"Leyli and Majnun," a classic Azerbaijani tale of young lovers and meddling parents, has been compared to "Romeo and Juliet " in Mark Morris Dance Group’s production.
The story was given lusciously sensuous form, with gentle, insistent music from the Silkroad Ensemble and two celebrated Azerbaijani singers, mugham masters Alim Gasimov and his daughter Farghana Gasimova.
First, there is his exquisite use of the mesmerizing music. It was originally a three-hour opera by the 23-year-old Azerbaijani composer Uzeyir Hajibeyli, which the Silkroad Ensemble arranged into an hour. The result is rich and velvet-toned, with slow and quickening pulses, and plaintive, questioning vocals. One recurring theme has the waltzy, humming quality and poignancy of an Aaron Copland air.
Mirroring Silk Road Ensemble’s instrumental mix of East and West, traditional and modern sounds, Morris’ movement invention combines the skittering bourrées of young love fluttering, Middle-Eastern folk dance forms, and balletic cabrioles, with primitive ceremonial gesture and pageantry. The overall impact is mesmerizing, with an energy and momentum that transports us to a non-linear state of mind that allows for each of us to become Layla and Majnun, aching so desperately for each other and
Onstage the dancers swirl in and out of complex formations on a multilevel set, filing around the musicians, who are grouped in the center of the stage. The women wear long dresses of coral flecked with white, the men tunics of marbled cobalt blue over white trousers. The singers are seated dead center on a raised platform, their continuo musicians, on tar and kamanche, next to them. The voices of the singers, Alim Qasimov, the renowned master of mugham singing from Azerbaijan, and his daughter and protege, Fargana Qasimova, rise above the dance, pure and clear as cold water, wrenching as a knife to the heart. Their upraised hands and faces, torn with emotion, seem to echo their words, as do their bodies, swaying in the aftermath of the sung poetry.
As if to demonstrate the contrast between tremendous talent and tremendous lack of same, last week also brought us a remarkable new work by Mark Morris, a staging of a famous Azerbaijani opera called Layla and Majnun, one of the Middle East’s most famous and beloved tales—its equivalent of Romeo and Juliet. Yes, love between two young people is thwarted (though in Layla and Majnun it’s not consummated). Lives are blighted, death prevails. But that’s the end of the equivalency. This opera is not about plot specifics, it’s about the eternal verities.
Mark Morris’s new—what to call it?—opera, dance, Gesamtkunstwerk, which had its New York premiere last weekend at the White Light Festival, strikes me as his best work of the decade. I hesitate to go out on a limb like this, because Morris is so notoriously eager to violate expectations that he may well come up with something better next week, just to put me in the wrong. But I have to say that, at least since about 2010, I have not seen any new piece, by any choreographer, that moved me more than Layla and Majnun.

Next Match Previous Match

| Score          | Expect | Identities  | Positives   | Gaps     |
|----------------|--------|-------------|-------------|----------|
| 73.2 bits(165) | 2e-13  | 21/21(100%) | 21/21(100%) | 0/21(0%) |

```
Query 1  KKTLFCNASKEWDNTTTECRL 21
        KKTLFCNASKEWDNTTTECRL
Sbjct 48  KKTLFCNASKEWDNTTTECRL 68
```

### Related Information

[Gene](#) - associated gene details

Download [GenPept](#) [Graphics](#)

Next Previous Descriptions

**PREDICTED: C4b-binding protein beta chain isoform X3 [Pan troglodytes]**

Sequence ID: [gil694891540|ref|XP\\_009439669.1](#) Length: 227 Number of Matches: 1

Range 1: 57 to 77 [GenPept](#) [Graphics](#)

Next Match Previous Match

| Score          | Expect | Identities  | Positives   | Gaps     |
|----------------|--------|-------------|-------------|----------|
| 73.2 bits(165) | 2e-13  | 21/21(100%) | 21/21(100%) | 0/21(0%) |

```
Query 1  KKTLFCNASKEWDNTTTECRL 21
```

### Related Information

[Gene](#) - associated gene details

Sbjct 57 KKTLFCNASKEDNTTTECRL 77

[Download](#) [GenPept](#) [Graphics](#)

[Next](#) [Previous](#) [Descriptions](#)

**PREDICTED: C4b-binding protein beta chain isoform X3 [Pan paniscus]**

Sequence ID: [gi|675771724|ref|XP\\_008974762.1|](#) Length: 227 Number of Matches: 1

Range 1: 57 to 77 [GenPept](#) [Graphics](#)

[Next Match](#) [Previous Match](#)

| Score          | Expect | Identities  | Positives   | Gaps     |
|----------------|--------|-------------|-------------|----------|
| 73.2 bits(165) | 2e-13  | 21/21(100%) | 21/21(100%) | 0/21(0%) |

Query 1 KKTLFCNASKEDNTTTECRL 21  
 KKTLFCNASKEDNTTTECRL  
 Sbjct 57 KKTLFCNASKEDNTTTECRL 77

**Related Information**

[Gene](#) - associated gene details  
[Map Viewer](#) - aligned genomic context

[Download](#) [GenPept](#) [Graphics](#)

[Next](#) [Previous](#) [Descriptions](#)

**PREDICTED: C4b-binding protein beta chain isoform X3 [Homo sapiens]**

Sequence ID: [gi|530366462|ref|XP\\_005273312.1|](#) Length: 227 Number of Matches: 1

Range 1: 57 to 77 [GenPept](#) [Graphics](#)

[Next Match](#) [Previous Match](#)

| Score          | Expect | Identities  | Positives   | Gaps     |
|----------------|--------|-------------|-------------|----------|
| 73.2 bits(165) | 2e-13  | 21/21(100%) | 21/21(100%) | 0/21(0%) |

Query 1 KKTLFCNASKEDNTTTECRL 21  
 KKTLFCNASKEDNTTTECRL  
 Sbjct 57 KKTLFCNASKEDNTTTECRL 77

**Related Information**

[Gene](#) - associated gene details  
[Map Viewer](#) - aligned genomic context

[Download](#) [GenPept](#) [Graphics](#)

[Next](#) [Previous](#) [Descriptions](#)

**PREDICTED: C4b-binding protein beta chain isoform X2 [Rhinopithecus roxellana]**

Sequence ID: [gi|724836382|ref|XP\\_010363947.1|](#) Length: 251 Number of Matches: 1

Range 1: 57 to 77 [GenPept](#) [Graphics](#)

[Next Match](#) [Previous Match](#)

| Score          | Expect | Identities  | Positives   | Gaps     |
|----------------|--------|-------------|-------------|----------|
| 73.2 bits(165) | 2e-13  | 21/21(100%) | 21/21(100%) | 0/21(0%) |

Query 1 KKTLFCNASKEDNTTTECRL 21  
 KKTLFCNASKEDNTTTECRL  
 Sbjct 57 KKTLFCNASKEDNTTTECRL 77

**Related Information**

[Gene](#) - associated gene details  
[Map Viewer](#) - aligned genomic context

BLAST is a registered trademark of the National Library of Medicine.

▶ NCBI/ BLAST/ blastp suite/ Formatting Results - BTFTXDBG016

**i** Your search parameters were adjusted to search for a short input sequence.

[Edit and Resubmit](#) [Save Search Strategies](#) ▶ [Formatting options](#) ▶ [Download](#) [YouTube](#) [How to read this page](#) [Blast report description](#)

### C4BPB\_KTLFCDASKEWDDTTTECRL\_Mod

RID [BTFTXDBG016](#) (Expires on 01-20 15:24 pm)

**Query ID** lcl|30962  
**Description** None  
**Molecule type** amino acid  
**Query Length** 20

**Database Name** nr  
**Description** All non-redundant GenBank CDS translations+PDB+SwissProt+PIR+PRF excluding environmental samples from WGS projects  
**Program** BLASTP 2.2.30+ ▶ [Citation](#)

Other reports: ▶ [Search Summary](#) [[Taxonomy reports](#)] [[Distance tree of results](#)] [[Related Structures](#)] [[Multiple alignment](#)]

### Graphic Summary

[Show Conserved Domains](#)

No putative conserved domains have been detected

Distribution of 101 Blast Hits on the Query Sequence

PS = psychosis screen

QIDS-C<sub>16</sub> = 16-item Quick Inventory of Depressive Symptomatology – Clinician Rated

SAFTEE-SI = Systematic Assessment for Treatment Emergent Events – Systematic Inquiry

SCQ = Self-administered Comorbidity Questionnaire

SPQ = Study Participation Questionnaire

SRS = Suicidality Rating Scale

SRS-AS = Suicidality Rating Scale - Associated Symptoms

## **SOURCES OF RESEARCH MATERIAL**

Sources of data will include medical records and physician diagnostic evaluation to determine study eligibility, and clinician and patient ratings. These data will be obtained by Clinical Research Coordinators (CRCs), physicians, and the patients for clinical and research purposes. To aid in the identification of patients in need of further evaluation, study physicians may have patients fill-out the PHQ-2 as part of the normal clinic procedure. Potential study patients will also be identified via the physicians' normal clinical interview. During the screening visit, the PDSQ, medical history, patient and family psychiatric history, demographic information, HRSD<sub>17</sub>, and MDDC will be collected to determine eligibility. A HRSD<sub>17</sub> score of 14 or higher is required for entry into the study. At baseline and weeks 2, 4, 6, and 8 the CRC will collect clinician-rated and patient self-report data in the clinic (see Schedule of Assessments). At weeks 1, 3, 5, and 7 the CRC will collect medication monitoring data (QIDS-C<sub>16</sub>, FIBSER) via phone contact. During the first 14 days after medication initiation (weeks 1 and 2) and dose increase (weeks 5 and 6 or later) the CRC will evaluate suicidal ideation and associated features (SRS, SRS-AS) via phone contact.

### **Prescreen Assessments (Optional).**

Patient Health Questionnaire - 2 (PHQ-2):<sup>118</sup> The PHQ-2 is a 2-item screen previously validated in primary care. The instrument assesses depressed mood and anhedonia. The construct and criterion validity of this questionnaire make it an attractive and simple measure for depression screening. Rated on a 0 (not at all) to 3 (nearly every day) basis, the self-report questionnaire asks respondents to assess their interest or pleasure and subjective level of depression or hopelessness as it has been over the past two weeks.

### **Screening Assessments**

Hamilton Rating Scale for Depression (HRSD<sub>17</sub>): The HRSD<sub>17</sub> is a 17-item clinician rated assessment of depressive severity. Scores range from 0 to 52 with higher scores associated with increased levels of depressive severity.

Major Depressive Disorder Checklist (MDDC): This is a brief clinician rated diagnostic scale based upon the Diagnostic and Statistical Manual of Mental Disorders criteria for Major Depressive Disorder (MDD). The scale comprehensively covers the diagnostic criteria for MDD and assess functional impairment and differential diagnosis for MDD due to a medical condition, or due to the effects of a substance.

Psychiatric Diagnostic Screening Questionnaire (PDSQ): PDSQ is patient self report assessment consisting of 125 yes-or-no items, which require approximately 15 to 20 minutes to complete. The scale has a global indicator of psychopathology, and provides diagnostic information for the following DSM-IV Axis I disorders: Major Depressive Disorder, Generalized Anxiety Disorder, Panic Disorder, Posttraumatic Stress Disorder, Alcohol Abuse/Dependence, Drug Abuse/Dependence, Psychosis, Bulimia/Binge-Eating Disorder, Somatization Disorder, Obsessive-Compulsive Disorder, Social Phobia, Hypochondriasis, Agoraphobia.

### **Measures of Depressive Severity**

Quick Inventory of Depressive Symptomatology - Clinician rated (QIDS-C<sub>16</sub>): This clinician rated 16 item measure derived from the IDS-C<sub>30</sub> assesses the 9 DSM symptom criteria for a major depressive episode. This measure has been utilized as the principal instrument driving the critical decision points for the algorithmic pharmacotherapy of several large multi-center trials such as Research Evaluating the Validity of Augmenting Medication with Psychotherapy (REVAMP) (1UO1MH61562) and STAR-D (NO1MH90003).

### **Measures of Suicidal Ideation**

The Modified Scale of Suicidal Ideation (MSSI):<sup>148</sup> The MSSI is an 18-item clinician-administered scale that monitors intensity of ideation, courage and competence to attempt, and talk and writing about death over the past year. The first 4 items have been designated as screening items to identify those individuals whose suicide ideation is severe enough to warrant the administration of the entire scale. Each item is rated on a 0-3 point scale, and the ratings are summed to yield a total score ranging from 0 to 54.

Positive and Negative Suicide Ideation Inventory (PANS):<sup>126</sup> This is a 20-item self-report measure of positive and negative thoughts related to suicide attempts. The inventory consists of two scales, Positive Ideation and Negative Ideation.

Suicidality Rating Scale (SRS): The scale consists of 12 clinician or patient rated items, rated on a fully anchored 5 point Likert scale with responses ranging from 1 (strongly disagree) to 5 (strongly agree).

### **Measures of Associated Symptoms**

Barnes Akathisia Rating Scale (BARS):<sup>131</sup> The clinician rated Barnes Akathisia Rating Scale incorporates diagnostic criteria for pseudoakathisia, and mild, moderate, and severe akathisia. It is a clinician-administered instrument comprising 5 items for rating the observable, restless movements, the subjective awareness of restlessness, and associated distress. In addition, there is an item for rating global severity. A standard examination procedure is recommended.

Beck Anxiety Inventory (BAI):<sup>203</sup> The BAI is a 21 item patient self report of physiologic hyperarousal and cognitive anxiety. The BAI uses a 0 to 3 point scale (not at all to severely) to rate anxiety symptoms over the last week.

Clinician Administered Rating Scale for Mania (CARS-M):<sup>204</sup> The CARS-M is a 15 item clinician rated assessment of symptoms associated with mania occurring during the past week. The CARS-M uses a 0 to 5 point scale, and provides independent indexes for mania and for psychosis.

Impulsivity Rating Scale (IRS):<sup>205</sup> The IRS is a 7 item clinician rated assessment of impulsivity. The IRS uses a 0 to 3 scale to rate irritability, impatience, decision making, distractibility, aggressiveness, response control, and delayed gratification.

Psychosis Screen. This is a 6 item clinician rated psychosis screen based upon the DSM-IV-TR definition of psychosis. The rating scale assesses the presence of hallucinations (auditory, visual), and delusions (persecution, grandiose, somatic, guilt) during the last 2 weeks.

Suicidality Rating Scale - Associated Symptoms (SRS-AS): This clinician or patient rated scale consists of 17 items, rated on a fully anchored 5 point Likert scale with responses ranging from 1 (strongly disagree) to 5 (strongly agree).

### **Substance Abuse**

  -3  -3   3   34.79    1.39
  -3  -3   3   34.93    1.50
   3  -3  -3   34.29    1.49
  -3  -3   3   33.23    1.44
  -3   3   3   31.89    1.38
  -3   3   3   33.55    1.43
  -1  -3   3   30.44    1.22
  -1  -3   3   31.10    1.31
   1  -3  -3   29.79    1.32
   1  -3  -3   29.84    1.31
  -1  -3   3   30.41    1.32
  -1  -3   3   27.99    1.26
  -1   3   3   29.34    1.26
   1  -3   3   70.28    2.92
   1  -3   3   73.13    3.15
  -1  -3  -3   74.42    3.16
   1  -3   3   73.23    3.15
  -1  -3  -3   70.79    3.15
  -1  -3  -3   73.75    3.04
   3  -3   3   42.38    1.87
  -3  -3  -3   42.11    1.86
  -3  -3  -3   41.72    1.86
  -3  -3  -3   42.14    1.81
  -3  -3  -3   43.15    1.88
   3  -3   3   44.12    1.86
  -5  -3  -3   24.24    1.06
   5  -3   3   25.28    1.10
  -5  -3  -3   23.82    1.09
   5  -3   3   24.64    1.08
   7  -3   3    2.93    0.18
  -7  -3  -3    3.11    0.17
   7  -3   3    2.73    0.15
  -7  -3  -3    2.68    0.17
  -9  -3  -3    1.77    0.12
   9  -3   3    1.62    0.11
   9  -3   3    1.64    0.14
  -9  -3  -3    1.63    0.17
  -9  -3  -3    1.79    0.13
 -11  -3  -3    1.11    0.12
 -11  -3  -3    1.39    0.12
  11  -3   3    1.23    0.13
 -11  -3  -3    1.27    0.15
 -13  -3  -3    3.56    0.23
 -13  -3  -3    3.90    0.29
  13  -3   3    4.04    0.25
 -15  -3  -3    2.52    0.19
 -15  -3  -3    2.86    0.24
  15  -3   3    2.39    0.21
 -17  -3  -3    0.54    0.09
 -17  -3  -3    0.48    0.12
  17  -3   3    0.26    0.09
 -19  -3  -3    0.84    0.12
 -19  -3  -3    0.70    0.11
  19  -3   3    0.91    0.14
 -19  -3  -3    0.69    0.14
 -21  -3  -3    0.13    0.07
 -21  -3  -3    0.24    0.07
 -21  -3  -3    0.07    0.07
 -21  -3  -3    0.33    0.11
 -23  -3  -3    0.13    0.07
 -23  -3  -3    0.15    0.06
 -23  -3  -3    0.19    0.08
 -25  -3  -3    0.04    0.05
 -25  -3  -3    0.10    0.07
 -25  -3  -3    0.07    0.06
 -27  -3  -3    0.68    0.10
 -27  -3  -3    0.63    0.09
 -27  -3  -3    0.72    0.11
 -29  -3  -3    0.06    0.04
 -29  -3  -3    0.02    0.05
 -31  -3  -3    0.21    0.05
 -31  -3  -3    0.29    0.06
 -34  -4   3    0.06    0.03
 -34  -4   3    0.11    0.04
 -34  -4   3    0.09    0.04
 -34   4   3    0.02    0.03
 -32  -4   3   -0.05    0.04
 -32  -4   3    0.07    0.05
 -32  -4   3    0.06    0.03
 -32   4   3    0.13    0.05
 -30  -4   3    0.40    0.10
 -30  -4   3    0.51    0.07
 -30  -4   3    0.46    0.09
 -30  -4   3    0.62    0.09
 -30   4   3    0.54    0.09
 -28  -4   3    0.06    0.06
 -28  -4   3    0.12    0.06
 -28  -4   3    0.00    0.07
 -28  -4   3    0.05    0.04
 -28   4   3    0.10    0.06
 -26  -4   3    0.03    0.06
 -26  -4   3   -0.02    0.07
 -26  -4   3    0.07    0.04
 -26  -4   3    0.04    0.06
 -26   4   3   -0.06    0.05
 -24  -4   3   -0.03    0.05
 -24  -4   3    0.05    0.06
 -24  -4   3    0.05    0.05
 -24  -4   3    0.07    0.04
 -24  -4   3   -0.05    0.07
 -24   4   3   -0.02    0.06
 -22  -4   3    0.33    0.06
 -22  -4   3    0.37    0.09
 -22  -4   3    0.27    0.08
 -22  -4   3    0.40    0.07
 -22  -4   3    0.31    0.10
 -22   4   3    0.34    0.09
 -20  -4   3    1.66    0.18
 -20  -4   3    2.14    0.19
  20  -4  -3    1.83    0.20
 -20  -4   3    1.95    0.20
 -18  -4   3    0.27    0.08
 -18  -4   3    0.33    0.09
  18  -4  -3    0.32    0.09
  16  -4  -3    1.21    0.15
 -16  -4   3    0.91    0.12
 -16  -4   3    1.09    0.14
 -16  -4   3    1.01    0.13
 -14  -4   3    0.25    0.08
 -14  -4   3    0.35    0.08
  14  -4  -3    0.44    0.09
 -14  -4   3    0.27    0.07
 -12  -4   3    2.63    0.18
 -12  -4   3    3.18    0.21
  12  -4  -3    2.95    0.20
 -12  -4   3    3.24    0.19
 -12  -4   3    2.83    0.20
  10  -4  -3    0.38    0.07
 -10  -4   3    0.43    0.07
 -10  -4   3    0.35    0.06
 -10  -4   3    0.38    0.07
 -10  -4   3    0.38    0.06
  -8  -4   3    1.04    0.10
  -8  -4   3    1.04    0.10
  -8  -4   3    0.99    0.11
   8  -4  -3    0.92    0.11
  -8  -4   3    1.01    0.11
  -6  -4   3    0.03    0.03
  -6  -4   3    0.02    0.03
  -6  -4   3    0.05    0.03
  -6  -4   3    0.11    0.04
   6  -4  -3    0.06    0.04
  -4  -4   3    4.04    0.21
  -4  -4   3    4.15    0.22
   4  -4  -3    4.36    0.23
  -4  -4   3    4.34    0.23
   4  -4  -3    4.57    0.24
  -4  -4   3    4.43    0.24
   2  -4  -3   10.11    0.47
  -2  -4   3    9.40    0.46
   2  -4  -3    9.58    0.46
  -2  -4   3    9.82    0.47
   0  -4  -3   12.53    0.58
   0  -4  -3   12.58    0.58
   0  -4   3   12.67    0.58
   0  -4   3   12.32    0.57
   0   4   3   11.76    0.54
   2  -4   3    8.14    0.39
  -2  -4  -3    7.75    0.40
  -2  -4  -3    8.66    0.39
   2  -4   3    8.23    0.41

The choreographer Mark Morris’s latest work is a rendering of Layla and Majnun, an Azerbaijani opera composed by Uzeyir Hajibeyli in 1908. This fall it launched Cal Performance’s season, premiering at Zellerbach Hall in Berkeley on September 30. Layla and Majnun may be the most exotic and obscure score that Morris (who’s renowned for his eclectic musical taste) has ever set a dance to. No doubt many in Baku would take issue with my characterizing it as exotic and obscure: Hajibeyli’s opus was the first piece of composed music created in Azerbaijan and the first opera in the Muslim world, where it’s still considered a foundational work.
Layla and Majnun, choreographer Mark Morris’s 13th work to have its world premiere at Cal Performances, is a delight. The piece, slightly over an hour long, combines — with concision, precision, heart and brio — all the qualities that are best in Morris’ aesthetic.
This classic tale...gives us a new lens through which to delight in a superb dance maker, with a company to match.
The staging required that the dancers move through and around the musicians, and this intertwining gave the piece a coherent visual identity and a flowing energy.
Moreover, the dancers showed how deeply connected they were not only to the music but also to each other. Mugham singing is improvisational and the singers can shorten or lengthen their solos as they feel is necessary. Every performance is different. This puts increased pressure on the dancers to be aware of shifts in the music and to communicate with each other more or less simultaneously. The company’s integrity to the performance, to the singers, to the music was spot on.